I received an ARC of The Spice Box Letters through Netgalley and the publisher, St. Martin’s Press, in exchange for an honest review.
Katerina longs to know why her late grandmother, Miriam, refused to talk about the past, especially when she inherits a journal and handwritten letters stashed in a wooden spice box, cryptic treasures written in Armenian, Miriam’s mother tongue.
On vacation in Cyprus, Katerina finds the key to unlocking her grandmother’s secrets and discovers a family legacy of exile and loss. Aged seven, Miriam was expelled from her home in Eastern Turkey and witnessed the death of her beloved brother Gabriel, or so she believed.
Katerina sets out on a fact-finding mission across the island and solves a mystery that changes her life and lays the ghosts of her grandmother’s turbulent past to rest. My Big Fat Greek Wedding meets Sarah’s Key in this gripping family saga, set during the tragic start of the Armenian genocide in 1915 Turkey, spanning the ups and downs of a family separated by the devastating aftermath in 1985 Greece.
I knew absolutely nothing about the Armenian genocide, and I didn’t know a lot about Armenian history before reading The Spice Box Letters, but this was nothing short of compelling.
Our story is told mostly by Katerina in 1985. Her grandmother, Mariam died a month before Katerina finds a pile of letters and a journal in Miriam’s native language of Armenian, hidden in a hand-painted box with a slightly erotic scene on the lid.
Miriam had never taught her daughter or granddaughter about a lot of her early life, or her recipes for the meals that she was famous for, so they go through a cookbook and try to bring themselves through their grief by cooking. They also try to learn more about Miriam by having her journal and letters translated, but they have trouble finding a translator, until Katerina takes a much-needed vacation. She meets a man named Ara through a mutual friend, who happens to be part of a large, involved Armenian family and agrees to help her with the translation, which brings us to the true beginning of our story.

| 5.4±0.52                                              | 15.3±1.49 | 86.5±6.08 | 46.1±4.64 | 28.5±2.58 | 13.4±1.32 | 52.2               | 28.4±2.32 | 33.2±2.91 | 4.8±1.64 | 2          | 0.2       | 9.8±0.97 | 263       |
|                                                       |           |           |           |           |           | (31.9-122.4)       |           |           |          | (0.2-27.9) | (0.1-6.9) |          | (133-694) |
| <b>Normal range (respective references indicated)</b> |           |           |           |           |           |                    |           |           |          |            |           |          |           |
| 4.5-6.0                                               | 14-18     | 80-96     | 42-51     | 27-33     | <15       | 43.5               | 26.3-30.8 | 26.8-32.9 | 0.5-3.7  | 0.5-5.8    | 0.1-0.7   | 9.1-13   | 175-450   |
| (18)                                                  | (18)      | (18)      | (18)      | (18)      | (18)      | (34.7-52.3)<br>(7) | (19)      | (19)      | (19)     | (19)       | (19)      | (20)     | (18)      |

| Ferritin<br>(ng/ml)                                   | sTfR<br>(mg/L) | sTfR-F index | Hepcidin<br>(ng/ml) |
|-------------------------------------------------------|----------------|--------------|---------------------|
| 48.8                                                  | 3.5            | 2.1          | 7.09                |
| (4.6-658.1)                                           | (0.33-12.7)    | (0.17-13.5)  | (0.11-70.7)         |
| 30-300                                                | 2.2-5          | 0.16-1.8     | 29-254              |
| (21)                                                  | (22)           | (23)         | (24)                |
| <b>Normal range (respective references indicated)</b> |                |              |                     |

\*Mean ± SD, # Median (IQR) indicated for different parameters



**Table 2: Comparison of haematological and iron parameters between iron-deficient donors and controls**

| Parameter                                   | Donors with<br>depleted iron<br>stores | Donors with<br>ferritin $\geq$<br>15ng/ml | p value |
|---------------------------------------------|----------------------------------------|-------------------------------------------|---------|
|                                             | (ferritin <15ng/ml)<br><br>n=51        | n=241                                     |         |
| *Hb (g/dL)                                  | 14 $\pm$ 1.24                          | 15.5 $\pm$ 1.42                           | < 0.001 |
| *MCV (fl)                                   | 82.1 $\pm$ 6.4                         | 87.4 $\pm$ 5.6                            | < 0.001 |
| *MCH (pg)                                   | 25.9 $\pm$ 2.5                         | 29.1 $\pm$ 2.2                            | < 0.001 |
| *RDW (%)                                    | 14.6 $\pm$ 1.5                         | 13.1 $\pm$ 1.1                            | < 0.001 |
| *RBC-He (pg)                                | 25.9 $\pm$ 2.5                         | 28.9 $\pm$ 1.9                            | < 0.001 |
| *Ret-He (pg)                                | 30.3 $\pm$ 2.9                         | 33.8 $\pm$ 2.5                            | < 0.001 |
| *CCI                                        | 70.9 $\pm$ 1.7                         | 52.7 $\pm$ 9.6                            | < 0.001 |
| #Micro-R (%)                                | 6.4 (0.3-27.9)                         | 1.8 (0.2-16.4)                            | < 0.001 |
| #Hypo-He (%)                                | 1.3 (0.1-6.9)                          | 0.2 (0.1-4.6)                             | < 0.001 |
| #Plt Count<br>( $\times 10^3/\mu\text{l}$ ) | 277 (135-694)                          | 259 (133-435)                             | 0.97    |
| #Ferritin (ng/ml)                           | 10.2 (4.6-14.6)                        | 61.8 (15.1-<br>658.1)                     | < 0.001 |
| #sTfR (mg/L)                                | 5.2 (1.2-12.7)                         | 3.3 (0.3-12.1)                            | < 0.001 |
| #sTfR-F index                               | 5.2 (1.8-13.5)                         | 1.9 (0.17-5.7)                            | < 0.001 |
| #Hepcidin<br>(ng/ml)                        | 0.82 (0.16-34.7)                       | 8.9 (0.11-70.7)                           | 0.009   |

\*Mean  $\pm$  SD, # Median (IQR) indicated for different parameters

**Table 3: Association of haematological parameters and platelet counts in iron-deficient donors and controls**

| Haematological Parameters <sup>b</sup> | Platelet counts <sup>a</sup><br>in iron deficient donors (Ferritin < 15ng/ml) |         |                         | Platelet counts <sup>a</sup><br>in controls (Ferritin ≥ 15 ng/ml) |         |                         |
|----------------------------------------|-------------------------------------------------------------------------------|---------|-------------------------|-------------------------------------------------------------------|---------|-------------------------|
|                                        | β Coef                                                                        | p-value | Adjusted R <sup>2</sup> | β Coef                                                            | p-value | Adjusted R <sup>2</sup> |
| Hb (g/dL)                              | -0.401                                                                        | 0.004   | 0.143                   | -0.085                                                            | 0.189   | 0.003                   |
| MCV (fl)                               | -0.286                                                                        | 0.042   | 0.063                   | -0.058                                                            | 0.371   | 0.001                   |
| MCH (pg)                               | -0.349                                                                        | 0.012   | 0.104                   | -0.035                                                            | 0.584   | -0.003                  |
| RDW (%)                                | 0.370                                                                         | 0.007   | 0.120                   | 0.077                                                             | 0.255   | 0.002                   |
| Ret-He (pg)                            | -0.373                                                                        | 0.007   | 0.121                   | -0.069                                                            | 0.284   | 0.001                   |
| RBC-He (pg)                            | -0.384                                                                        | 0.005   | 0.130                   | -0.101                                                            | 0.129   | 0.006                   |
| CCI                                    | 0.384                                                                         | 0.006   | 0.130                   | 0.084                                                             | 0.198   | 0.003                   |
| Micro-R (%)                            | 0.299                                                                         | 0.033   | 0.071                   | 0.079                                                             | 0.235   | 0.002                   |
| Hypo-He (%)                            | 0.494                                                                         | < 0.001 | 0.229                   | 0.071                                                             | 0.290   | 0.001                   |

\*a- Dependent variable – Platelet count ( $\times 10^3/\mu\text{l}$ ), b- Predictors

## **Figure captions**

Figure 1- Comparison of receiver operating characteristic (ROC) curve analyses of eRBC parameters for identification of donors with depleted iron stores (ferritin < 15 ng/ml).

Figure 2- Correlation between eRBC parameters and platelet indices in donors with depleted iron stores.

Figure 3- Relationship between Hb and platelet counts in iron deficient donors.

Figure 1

This story was beautiful, and the sense of family that learning Miriam’s life story brought to all of the characters. I really don’t want to say a lot because so much of this story unfolds piece by piece, but the other family member that Katerina learns about was a very interesting character, and I really enjoyed him. I didn’t love the romance in this book, but it still felt like something that could really happen, so I’ll accept it.
Overall, this book gave me a lot of warm, family fuzzies, and made me miss my grandmother quite a bit. I also would definitely look into some of Makis’s other books. I’m giving this five stars, because I’ll definitely be recommending it to others.
Eve Makis studied at Leicester University and worked as a journalist and radio presenter in the UK and Cyprus before becoming a novelist. She is the author of four novels. Her first book Eat, Drink and be Married was published in five languages and awarded the Young Booksellers International Book of the Year Award. A screen adaptation of her third book, Land of the Golden Apple, is being filmed in June 2015. Eve is a part time tutor in creative writing at Nottingham University.The Spice Box Letters is currently available in English and Greek and has been long listed for the Jerwood Fiction Uncovered Prize 2015.
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